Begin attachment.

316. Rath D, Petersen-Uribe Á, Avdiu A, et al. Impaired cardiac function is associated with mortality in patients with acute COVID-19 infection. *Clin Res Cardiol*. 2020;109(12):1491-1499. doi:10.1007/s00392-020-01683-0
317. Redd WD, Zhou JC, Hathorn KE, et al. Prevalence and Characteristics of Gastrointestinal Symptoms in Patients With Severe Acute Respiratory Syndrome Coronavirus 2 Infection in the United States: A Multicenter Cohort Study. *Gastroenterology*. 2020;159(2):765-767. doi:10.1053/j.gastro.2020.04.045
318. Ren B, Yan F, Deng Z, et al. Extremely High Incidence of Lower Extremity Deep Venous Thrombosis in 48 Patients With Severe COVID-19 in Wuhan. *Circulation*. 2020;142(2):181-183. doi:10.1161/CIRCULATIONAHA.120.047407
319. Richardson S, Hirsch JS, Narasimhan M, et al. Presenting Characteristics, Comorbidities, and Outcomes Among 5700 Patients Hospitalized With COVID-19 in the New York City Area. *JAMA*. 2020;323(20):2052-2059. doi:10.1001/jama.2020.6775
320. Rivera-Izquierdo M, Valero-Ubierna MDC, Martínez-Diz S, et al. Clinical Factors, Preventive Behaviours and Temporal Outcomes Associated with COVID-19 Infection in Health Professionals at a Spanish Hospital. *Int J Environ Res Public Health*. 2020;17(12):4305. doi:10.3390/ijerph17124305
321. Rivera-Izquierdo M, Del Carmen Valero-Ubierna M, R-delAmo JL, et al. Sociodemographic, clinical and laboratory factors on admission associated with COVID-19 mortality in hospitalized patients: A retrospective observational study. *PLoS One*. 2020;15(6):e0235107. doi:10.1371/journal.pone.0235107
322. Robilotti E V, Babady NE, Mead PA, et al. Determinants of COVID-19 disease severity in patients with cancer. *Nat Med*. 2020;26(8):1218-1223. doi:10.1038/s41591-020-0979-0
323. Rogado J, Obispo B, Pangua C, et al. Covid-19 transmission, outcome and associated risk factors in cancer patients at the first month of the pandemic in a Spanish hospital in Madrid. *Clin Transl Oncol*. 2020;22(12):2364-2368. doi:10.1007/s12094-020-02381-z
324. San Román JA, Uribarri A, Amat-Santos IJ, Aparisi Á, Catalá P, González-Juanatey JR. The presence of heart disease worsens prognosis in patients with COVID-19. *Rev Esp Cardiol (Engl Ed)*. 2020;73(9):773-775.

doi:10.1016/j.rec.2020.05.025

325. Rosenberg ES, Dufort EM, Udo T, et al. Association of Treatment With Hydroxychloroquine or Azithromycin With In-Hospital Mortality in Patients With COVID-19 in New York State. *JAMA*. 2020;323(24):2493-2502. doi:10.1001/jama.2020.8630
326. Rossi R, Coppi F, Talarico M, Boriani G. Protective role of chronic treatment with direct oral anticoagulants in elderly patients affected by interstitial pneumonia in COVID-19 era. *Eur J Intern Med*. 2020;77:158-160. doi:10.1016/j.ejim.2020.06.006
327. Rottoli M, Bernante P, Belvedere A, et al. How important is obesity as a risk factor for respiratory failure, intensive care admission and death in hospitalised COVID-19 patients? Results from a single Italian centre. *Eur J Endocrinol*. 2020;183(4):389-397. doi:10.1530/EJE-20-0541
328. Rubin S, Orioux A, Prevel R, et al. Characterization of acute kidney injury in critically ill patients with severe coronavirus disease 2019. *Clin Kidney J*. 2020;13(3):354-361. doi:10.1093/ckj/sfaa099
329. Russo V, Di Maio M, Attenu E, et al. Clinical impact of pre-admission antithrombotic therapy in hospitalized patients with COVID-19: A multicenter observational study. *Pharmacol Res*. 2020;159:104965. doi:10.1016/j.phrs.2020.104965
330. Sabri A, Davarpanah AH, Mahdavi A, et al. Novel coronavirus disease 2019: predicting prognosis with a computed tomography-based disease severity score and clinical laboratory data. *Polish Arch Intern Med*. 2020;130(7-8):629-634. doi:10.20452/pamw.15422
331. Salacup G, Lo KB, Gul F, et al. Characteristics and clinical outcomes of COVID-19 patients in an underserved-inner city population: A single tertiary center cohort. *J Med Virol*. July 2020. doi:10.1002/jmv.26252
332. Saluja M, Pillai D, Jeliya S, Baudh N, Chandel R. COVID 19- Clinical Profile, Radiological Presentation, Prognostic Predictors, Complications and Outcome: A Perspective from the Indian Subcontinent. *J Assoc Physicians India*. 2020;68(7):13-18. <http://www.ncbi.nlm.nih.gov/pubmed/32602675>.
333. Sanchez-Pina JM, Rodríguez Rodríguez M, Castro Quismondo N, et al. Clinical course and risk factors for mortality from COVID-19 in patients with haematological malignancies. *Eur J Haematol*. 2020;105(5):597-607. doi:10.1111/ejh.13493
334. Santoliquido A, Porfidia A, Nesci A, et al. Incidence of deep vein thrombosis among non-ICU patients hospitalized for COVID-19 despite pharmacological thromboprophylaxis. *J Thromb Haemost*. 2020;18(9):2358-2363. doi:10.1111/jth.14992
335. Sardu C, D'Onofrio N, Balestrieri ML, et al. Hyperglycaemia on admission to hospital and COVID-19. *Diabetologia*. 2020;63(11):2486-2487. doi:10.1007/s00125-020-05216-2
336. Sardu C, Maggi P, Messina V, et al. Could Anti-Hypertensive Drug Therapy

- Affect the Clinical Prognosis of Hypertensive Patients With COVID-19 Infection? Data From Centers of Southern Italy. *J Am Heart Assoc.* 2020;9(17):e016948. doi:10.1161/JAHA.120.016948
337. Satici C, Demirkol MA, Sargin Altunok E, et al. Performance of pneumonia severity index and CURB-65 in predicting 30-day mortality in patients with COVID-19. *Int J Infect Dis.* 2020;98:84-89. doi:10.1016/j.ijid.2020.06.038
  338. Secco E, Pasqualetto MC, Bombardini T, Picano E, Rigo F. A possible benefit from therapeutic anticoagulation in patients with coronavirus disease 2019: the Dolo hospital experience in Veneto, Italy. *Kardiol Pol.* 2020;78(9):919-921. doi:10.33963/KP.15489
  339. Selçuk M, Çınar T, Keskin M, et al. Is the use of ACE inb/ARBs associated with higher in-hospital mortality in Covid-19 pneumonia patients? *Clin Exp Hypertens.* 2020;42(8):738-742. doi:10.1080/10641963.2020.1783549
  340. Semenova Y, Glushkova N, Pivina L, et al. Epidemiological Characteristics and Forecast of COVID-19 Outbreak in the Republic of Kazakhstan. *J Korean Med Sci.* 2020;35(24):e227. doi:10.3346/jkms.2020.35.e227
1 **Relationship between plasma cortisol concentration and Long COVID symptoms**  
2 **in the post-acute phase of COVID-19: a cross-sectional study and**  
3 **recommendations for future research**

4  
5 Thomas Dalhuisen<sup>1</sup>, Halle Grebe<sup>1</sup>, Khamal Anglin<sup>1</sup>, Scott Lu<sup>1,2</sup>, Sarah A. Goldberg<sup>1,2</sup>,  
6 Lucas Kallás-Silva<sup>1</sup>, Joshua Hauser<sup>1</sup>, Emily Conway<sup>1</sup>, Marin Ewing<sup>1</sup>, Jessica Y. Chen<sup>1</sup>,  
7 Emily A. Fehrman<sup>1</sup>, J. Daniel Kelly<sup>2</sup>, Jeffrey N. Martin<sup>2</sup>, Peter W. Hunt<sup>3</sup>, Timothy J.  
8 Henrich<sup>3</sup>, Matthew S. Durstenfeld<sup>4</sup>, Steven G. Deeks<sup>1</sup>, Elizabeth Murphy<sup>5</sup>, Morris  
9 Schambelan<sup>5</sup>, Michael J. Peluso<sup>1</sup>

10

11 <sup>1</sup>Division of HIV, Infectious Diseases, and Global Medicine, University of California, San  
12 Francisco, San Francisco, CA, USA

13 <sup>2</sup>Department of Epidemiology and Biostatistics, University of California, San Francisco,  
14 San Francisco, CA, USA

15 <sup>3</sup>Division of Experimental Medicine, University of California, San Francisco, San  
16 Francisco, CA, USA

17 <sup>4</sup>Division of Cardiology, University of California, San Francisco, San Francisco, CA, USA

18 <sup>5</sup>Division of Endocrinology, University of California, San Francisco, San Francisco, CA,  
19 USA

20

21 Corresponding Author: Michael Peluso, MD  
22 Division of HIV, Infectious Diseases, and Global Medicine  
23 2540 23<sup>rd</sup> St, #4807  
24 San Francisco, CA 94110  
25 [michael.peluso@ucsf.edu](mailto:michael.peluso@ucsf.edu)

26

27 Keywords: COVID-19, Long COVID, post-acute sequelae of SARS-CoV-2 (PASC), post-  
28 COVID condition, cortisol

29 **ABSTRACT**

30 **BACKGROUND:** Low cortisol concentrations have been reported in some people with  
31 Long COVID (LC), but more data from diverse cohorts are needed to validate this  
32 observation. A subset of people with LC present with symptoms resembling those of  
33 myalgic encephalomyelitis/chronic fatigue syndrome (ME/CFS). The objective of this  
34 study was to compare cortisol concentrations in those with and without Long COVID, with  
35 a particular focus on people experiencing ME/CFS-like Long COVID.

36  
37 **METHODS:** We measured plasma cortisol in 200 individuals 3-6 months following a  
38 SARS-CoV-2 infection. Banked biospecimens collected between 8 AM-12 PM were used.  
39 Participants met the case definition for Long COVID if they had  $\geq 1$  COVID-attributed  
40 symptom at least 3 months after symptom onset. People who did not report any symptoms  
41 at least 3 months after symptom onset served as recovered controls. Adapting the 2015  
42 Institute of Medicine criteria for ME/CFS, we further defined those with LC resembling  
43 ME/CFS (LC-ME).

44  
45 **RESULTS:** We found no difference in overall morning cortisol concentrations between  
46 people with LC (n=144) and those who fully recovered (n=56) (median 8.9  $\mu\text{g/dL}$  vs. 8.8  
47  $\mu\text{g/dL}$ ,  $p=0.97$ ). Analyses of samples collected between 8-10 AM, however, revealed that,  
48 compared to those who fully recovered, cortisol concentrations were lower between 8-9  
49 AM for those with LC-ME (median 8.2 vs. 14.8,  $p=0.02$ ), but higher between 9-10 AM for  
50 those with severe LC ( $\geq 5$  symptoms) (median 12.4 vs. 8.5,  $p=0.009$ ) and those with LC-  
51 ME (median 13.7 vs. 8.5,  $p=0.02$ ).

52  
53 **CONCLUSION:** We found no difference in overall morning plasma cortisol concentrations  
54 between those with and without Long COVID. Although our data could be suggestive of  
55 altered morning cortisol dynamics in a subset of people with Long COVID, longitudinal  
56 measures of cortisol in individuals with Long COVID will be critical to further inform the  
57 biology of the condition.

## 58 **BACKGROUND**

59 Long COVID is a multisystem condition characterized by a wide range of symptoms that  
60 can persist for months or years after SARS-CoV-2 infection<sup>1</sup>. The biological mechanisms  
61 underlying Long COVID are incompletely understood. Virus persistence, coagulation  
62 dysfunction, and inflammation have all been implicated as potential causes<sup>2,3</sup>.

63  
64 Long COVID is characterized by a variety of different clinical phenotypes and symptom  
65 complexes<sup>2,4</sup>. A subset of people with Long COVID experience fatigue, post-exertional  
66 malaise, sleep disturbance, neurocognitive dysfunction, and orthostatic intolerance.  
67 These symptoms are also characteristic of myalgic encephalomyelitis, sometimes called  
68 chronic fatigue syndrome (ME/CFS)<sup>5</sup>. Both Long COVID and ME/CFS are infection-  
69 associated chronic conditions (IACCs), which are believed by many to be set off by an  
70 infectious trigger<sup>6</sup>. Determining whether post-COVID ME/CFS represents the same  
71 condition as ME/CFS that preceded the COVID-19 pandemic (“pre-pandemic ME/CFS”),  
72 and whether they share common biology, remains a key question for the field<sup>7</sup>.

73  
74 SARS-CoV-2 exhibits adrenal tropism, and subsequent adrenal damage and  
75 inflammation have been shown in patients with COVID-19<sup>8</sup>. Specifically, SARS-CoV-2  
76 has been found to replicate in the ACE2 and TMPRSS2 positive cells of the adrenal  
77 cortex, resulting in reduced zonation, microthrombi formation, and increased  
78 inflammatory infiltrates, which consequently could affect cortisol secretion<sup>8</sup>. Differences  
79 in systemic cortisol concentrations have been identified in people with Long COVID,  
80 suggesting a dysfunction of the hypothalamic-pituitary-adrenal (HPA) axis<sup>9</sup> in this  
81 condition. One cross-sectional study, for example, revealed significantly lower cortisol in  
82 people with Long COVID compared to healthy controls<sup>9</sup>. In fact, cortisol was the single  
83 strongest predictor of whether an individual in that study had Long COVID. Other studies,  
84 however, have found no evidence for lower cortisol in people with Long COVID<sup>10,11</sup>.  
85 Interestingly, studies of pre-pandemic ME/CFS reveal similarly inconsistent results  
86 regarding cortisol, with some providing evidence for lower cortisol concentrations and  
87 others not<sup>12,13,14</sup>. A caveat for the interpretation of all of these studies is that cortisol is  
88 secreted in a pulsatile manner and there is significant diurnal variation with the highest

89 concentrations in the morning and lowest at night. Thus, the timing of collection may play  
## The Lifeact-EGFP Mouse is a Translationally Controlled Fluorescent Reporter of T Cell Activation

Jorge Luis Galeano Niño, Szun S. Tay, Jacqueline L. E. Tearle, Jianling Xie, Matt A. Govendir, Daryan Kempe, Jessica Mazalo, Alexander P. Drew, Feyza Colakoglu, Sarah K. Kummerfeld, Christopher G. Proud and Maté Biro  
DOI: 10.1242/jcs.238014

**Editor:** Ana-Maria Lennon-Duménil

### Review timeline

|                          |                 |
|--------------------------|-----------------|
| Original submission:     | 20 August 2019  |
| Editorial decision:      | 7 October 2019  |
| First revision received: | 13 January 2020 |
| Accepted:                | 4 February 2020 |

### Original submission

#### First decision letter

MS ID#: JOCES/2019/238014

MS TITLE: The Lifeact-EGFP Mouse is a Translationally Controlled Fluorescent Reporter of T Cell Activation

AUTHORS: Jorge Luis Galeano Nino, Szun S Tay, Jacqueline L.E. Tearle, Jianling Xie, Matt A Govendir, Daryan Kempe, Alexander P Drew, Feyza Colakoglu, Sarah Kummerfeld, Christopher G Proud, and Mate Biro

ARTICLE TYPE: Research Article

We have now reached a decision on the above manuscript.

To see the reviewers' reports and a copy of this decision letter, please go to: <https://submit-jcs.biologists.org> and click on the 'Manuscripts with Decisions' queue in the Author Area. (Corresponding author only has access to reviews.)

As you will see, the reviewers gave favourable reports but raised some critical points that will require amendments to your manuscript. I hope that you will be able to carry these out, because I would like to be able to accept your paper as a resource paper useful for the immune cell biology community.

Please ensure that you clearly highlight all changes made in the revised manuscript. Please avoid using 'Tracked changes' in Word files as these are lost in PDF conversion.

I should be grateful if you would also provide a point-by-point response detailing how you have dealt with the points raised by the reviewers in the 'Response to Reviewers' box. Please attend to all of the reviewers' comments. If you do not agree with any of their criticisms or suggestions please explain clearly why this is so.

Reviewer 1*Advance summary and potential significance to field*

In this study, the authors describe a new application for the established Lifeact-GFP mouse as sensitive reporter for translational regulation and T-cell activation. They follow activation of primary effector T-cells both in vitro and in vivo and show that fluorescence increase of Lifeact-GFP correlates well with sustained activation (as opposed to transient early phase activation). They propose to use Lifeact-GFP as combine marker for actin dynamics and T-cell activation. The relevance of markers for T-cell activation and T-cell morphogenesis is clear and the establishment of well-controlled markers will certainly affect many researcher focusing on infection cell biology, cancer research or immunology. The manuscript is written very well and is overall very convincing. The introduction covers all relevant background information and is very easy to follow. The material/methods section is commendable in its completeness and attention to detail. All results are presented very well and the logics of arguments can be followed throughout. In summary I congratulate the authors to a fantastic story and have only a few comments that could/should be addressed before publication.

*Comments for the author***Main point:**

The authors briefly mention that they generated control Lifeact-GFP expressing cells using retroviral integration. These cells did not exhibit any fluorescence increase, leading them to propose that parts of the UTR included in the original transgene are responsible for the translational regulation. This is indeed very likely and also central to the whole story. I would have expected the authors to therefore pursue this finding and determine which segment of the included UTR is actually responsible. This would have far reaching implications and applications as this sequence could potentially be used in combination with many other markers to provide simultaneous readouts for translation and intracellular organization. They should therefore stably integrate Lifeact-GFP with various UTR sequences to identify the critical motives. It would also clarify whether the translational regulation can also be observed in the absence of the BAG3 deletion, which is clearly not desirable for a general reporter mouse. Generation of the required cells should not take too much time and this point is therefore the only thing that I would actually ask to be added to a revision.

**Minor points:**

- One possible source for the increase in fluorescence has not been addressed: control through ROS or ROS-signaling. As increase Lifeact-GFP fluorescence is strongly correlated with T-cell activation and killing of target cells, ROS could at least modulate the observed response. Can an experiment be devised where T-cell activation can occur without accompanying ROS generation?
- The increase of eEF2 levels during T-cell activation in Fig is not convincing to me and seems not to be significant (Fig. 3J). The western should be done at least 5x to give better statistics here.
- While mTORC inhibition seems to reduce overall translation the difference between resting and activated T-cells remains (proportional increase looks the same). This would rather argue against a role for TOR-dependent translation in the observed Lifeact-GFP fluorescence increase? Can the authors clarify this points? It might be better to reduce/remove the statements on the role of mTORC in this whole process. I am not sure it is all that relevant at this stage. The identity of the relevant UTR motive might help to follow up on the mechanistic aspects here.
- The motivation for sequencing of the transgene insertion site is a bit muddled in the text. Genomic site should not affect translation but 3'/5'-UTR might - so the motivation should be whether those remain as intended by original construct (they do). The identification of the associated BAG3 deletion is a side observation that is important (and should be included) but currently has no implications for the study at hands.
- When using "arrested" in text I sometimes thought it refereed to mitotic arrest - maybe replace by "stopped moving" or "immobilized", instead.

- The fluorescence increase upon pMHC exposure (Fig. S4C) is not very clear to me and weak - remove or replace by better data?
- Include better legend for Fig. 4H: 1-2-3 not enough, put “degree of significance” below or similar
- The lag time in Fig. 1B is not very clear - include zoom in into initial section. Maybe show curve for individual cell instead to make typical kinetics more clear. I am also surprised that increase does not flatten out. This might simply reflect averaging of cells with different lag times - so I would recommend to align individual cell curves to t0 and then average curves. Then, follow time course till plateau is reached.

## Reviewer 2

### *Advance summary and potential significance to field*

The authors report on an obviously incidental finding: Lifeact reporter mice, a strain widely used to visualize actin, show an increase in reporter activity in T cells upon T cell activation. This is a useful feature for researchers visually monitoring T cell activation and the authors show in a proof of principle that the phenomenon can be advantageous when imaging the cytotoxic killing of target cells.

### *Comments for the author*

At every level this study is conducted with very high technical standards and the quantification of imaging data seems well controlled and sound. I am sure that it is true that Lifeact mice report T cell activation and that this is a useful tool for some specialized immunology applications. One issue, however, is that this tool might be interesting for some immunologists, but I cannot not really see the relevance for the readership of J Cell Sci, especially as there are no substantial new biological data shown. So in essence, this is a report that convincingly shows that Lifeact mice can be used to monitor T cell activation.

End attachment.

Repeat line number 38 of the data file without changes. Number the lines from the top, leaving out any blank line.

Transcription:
11 <sup>1</sup>Division of HIV, Infectious Diseases, and Global Medicine, University of California, San  